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The Life and Correspondence of Robert Southey
Robert Southey to Edith Southey, May 1804

Vol. I Contents
Early Life: I
Early Life: II
Early Life: III
Early Life: IV
Early Life: V
Early Life: VI
Early Life: VII
Early Life: VIII
Early Life: IX
Early Life: X
Early Life: XI
Early Life: XII
Early Life: XIII
Early Life: XIV
Early Life: XV
Early Life: XVI
Early Life: XVII
Ch. I. 1791-93
Ch. II. 1794
Ch. III. 1794-95
Ch. IV. 1796
Ch. V. 1797
Vol. II Contents
Ch. VI. 1799-1800
Ch. VII. 1800-1801
Ch. VIII. 1801
Ch. IX. 1802-03
Ch. X. 1804
Ch. XI. 1804-1805
Vol. III Contents
Ch. XII. 1806
Ch. XIII. 1807
Ch. XIV. 1808
Ch. XV. 1809
Ch. XVI. 1810-1811
Ch. XVII. 1812
Vol. IV Contents
Ch. XVIII. 1813
Ch. XIX. 1814-1815
Ch. XX. 1815-1816
Ch. XXI. 1816
Ch. XXII. 1817
Ch. XXIII. 1818
Ch. XXIV. 1818-1819
Vol. IV Appendix
Vol. V Contents
Ch. XXV. 1820-1821
Ch. XXVI. 1821
Ch. XXVII. 1822-1823
Ch. XXVIII. 1824-1825
Ch. XXIX. 1825-1826
Ch. XXX. 1826-1827
Ch. XXXI. 1827-1828
Vol. V Appendix
Vol. VI Contents
Ch. XXXII. 1829
Ch. XXXIII. 1830
Ch. XXXIV. 1830-1831
Ch. XXXV. 1832-1834
Ch. XXXVI. 1834-1836
Ch. XXXVII. 1836-1837
Ch. XXXVIII. 1837-1843
Vol. VI Appendix
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“London, May, 1804.

“. . . . . The Thames is ebbing fast before the window, and a beautiful sight it is, dear Edith; but I wish I were upon the banks of the Greta! I will not remain an hour longer than can be helped. You have no notion of the intolerable fatigue it is to walk all day and not get to bed till after midnight. . . . . I have lost a grand triumph over you, Edith. Had you seen me in my Hyde, when I tried it, you would never have sent me to a London hyde-maker again. The sleeves are actually as large as the thighs of my pantaloons, and cuffs to them like what old men wear in a comedy. I am sure, if I were a country farmer, and caught such a barebones as myself in such a black sack, I would stick him up for a scarecrow.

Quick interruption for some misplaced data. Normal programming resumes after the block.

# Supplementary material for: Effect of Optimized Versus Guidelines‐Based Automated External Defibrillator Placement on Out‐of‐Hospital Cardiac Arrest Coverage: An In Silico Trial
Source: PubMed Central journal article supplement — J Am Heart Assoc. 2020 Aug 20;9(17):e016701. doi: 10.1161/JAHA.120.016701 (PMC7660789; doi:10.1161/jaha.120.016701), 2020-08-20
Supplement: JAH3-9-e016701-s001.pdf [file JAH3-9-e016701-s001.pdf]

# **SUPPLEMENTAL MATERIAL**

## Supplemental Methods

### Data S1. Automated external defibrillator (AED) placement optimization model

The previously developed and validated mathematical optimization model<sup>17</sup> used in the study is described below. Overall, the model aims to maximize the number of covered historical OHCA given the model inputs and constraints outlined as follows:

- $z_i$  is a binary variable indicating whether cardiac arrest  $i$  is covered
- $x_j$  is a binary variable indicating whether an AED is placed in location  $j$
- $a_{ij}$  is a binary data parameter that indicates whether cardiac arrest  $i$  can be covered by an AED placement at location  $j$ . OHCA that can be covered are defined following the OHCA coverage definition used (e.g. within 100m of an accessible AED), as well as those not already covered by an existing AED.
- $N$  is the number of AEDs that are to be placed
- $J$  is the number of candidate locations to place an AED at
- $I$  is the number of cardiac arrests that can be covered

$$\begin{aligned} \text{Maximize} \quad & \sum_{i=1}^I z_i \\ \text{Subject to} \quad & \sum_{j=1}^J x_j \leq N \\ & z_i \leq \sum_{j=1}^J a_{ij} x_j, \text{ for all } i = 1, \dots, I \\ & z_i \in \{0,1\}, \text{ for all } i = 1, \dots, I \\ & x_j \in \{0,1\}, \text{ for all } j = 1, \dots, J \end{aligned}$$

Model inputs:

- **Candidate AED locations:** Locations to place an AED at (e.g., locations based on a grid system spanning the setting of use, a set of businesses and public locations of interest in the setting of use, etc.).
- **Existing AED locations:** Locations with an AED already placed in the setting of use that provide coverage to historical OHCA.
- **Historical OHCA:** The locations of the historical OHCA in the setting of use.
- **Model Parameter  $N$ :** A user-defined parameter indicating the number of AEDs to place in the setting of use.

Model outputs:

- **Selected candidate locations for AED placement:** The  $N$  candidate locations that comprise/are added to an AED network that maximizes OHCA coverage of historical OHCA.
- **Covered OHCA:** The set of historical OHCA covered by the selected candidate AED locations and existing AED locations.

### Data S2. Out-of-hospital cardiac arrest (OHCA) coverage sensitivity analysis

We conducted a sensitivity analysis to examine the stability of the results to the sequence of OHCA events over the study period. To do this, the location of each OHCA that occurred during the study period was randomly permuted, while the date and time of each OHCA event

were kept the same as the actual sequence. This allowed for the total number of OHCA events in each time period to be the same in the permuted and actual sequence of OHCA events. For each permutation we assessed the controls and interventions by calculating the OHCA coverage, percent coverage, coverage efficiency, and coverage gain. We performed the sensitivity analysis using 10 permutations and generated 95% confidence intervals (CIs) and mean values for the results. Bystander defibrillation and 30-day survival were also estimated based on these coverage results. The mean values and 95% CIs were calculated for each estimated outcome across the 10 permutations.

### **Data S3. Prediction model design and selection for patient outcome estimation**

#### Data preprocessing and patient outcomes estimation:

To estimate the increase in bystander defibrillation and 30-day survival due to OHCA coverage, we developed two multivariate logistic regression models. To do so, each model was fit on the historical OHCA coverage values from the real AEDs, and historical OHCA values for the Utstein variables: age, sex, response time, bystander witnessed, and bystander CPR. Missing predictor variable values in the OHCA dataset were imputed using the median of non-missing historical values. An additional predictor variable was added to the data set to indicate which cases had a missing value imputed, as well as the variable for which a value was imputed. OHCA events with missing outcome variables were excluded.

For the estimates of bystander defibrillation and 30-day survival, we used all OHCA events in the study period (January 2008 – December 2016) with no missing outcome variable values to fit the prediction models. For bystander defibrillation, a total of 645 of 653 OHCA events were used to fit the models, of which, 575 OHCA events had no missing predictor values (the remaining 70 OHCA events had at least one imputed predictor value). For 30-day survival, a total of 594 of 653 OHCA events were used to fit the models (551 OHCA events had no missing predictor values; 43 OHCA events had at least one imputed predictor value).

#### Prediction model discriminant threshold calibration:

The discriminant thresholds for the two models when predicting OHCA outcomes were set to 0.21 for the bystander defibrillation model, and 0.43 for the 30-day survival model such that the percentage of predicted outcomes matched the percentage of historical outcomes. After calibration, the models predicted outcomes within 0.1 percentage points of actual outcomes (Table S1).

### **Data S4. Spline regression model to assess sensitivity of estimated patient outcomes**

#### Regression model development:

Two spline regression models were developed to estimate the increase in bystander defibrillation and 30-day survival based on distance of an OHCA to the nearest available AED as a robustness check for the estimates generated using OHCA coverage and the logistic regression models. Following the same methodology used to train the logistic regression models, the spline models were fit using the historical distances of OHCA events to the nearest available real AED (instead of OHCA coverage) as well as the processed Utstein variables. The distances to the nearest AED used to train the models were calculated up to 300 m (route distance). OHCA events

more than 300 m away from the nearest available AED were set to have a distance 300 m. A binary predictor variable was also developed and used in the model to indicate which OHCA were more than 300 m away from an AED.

“I saw Longman yesterday, who was very glad to see me. I am trying to make him publish a collection of the scarce old English poets, which will be the fittest thing in the world for Lamb to manage, if he likes it; or, perhaps, to manage with my co-operation. The Amadis sells not amiss; the edition, they say, will go off. Thalaba goes off slowly, but is going. They got me W. Taylor’s review, which is very characteristic of his style, talents, and good-will for the author. I will bring down the number.

“. . . . . On Thursday Carlisle gives me a dinner. There must be one day for Turner; and as for all my half
a thousand acquaintances, they may ask till they are blind, for I won’t go. I might live all the year here, by being invited out as a show, but I will not show myself. I write you very unsatisfactory letters, dear
Edith, but you know how like a bear with a sore head this place makes me; and never was I more uncomfortable in it, though with a pleasanter house over my head than ever, and better company.

“God bless you!
R. S.“